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                Author and article information

                Journal
                Polymers (Basel)
                Polymers (Basel)
                polymers
                Polymers
                MDPI
                2073-4360
                30 August 2017
                September 2017
                : 9
                : 9
                Affiliations
                [1 ]Department of Tissue Engineering, Center of 3D Printing & Organ Manufacturing, School of Fundamental Sciences, China Medical University (CMU), No. 77 Puhe Road, Shenyang North New Area, Shenyang 110122, China; aoqiang00@ 123456163.com (Q.A.); xhtian@ 123456cmu.edu.cn (X.T.); jfan@ 123456cmu.edu.cn (J.F.); tongh007@ 123456cmu.edu.cn (H.T.); wjhou@ 123456cmu.edu.cn (W.H.); baishuling@ 123456cmu.edu.cn (S.B.)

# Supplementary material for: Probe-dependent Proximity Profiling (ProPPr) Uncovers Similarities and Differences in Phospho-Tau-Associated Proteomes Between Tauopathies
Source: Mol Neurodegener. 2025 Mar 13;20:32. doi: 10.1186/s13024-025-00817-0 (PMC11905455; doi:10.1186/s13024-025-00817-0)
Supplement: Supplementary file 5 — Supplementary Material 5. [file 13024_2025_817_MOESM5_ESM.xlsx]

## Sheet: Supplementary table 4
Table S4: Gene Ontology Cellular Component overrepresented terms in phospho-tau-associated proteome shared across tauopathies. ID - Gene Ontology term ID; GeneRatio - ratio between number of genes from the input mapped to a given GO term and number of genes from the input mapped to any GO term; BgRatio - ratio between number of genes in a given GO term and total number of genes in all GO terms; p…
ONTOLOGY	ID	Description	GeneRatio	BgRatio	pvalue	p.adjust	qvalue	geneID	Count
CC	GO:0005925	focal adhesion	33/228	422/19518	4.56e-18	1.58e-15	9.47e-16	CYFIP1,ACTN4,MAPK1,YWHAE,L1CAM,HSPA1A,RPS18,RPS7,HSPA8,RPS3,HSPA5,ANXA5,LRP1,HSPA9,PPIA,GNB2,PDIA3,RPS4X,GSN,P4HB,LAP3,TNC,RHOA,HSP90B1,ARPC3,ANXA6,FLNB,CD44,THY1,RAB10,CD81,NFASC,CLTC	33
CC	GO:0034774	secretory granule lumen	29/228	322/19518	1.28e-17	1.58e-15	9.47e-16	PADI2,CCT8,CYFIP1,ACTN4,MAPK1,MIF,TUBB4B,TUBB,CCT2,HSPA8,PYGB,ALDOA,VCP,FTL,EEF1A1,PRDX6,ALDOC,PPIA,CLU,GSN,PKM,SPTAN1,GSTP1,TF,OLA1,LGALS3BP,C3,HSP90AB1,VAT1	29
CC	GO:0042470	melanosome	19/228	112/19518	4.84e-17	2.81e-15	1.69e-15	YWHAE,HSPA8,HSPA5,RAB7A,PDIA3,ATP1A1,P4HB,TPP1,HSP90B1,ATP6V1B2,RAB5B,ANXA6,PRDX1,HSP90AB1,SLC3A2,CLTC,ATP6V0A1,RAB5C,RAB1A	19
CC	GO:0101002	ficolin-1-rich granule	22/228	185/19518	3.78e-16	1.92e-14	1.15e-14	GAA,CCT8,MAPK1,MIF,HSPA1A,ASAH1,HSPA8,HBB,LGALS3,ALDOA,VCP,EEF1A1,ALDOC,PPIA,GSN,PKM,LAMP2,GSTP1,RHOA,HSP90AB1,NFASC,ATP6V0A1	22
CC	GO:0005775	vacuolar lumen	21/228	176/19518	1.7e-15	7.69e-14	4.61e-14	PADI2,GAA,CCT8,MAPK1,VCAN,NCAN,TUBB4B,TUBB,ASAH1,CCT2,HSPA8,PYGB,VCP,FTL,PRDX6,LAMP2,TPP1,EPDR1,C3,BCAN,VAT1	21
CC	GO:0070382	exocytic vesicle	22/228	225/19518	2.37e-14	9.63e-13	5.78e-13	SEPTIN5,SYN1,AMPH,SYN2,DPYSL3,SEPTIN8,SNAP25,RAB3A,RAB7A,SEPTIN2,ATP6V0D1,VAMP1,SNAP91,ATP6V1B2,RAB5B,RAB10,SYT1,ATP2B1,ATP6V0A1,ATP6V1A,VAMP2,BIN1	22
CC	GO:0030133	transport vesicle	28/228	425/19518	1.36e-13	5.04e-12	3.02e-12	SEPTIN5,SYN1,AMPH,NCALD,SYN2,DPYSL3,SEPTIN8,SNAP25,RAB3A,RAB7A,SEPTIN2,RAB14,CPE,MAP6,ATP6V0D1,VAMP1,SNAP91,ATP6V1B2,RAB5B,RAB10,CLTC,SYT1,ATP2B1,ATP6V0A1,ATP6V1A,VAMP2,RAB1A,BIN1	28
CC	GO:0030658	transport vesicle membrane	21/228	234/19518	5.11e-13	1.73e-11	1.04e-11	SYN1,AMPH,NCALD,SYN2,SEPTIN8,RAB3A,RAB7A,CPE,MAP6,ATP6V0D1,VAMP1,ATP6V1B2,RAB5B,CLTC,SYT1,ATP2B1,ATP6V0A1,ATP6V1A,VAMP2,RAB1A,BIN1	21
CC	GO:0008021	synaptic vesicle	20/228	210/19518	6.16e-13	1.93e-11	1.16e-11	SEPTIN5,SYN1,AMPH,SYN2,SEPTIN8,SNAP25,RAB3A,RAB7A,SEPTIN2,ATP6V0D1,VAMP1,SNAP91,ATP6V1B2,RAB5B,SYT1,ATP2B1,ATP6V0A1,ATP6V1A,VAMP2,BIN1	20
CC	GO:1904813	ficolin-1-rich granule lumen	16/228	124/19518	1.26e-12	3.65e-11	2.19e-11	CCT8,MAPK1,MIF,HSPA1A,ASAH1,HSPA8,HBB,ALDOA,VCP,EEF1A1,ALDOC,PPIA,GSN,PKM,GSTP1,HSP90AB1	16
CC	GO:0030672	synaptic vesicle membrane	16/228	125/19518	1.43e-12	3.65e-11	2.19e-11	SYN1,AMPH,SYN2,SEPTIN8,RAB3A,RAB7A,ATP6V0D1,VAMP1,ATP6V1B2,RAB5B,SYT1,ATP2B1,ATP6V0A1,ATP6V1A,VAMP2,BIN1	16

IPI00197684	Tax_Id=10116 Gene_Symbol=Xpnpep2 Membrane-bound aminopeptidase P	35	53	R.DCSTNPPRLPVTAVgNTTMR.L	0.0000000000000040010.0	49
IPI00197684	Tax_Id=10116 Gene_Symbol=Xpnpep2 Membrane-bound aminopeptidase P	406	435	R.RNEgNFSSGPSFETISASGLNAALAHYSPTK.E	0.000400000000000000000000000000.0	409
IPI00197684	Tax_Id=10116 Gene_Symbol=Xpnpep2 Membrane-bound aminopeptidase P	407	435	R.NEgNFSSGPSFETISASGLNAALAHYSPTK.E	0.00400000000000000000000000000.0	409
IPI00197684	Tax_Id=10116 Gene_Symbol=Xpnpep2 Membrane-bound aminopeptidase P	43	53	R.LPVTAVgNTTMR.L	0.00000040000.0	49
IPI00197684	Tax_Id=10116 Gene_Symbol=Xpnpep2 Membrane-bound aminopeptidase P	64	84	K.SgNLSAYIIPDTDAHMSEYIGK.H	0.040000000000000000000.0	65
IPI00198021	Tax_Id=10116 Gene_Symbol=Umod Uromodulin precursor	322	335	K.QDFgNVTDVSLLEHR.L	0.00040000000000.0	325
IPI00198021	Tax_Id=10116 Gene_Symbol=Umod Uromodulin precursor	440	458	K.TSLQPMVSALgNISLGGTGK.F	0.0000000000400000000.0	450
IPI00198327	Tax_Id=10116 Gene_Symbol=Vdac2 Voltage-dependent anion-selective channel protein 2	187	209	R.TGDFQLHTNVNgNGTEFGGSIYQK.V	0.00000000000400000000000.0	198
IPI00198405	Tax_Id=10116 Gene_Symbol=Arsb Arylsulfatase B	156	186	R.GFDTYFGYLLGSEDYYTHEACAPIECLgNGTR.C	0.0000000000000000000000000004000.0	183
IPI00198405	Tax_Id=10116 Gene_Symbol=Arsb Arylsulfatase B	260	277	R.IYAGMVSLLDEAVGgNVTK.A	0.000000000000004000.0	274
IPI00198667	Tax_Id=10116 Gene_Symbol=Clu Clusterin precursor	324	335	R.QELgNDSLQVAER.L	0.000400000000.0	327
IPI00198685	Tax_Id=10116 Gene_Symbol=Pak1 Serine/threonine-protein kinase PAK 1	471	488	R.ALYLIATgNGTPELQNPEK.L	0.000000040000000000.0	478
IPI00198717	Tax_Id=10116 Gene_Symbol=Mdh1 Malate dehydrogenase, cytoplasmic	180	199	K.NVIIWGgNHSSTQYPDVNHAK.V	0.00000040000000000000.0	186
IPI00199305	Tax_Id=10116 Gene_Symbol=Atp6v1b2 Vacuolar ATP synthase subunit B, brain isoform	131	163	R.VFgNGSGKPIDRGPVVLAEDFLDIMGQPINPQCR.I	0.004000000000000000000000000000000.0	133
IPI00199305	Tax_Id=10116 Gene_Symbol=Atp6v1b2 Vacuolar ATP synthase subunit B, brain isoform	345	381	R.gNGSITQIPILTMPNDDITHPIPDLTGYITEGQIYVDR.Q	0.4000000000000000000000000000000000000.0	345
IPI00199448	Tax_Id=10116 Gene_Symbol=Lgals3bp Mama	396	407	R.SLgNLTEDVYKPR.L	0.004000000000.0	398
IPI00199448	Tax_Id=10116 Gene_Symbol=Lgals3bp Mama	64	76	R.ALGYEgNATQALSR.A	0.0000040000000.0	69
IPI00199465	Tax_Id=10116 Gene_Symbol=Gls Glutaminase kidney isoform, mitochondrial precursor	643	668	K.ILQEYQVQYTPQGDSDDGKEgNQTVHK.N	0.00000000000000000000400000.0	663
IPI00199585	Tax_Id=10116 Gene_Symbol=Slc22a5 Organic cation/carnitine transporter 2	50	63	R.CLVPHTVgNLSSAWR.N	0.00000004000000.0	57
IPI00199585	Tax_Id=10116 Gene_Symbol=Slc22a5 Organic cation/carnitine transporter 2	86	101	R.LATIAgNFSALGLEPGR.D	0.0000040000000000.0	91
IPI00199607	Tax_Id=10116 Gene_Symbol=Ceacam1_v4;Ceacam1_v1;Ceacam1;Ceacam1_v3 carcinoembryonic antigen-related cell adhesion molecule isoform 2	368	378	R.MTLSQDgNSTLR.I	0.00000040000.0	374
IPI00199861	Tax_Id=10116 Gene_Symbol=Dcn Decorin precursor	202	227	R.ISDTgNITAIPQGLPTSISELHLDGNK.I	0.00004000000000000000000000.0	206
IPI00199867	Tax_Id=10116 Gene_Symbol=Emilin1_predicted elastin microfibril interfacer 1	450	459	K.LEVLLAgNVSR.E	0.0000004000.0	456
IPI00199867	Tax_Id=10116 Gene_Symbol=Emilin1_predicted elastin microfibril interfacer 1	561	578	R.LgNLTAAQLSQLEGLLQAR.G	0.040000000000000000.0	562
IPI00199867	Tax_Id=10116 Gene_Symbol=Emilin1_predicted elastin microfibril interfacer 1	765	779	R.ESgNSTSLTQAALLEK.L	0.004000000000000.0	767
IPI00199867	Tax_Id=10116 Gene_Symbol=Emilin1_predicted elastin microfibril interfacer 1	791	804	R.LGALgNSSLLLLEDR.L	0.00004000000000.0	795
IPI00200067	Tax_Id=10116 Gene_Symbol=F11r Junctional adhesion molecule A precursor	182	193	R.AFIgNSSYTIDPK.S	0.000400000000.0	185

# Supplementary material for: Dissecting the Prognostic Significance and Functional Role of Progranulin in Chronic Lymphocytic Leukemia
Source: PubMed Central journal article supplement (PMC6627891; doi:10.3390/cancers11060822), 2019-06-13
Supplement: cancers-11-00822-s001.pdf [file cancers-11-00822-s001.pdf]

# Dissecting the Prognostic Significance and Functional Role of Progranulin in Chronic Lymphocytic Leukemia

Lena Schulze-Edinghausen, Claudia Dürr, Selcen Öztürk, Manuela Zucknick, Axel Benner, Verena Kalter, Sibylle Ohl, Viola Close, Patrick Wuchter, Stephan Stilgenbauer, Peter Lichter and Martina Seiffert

[2 ]Center of Organ Manufacturing, Department of Mechanical Engineering, Tsinghua University, Beijing 100084, China
                Author notes
                [* ]Correspondence: wangxiaohong709@ 123456163.com or wangxiaohong@ 123456tsinghua.edu.cn ; Tel./Fax: +86-24-3190-0983
                Article
                polymers-09-00401
                10.3390/polym9090401
                6418925
                © 2017 by the authors.

                Licensee MDPI, Basel, Switzerland. This article is an open access article distributed under the terms and conditions of the Creative Commons Attribution (CC BY) license ( http://creativecommons.org/licenses/by/4.0/).